Here's what has to actually happen if we are going to make control the deficit, stimulate the economy, and reform the tax code.
Last summer, we polled the CEOs of the Inc. 500—the fastest-growing privately held companies in America—about what they hoped to see from the winner of next month's election. They told us that they wanted a reelected Barack Obama or a newly elected Mitt Romney to do three things: balance the budget, stimulate the economy, and cut taxes.
As political to-do lists go, these goals make perfect sense. The desire for a healthier economy and reasonable taxes is self-explanatory for any entrepreneur. As for the budget, Washington's paralysis on the issue adds to the pall of uncertainty hanging over the economy, and it gets worse the longer it lasts. "Sooner or later, we risk triggering a meltdown in the U.S. Treasury market," says Dane Stangler, research director of the Ewing Marion Kauffman Foundation.
Moreover, Congress's refusal to compromise on the deficit condemns us to repeated self-inflicted crises, like the so-called fiscal cliff looming in January. (More on that later.) "Frankly," says Stangler, "it makes us look ridiculous."
To be sure, the entrepreneurs' agenda is somewhat contradictory. You can't literally balance the budget, cut taxes, and stimulate the economy all at the same time. But we take business owners seriously on the intent of what they asked for—a sustainable fiscal policy, support for economic growth, and a fair, rational tax system. Washington should do the same.
Which candidate is likely to do a better job in realizing the entrepreneurs' agenda? Both President Obama and former Governor Romney say they share the CEOs' goals, although the paths they propose couldn't be more different. So, the question isn't which party supports Inc. 500 CEOs' wish list; they both do. It's a question of which can deliver on it.
Priority No. 1: Create a Sustainable Fiscal Plan
There's no sense in rushing to balance the budget; that would require steep tax hikes and spending cuts that could be mortal to the weak recovery. What businesses (and U.S. Treasury bondholders) need to see is a clear and credible path to a sustainable deficit—which means shrinking the annual red ink (as a percentage of GDP) to a level below the economy's rate of growth. Achieve that, and America's debt bomb starts to defuse.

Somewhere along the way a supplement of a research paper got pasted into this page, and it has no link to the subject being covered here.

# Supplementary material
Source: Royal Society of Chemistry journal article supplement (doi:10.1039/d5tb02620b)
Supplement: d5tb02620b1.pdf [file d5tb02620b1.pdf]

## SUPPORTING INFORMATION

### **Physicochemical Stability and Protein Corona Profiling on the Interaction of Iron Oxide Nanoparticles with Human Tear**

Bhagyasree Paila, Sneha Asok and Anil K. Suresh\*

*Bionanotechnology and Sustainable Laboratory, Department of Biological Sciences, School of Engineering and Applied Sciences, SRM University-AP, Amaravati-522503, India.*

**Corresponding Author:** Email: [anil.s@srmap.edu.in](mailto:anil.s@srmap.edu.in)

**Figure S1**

Right now, however, the deficit is about 7 percent of GDP, and the long-term growth rate of the economy is 3 percent or so. So to bring the deficit to a sustainable level will mean cutting it by more than half compared with the size of the economy.
How tough is that? One way to halve the deficit would be to let the economy go off the so-called fiscal cliff in January next year. If Obama and Congress don't come to a budget agreement by year's end, in January—no matter who has been elected President in November—tax rates will rise to Clinton-era levels. That would suck some $400 billion out of the economy. Add the effects of mandatory spending cuts, and the deficit would fall by $560 billion in fiscal year 2013.
And the economy would be devastated. A Congressional Budget Office, or CBO, analysis of the cliff predicts that cold-turkey austerity of this magnitude would almost certainly drag us into another recession and send unemployment back over 9 percent. Neither candidate has the remotest appetite for that kind of medicine.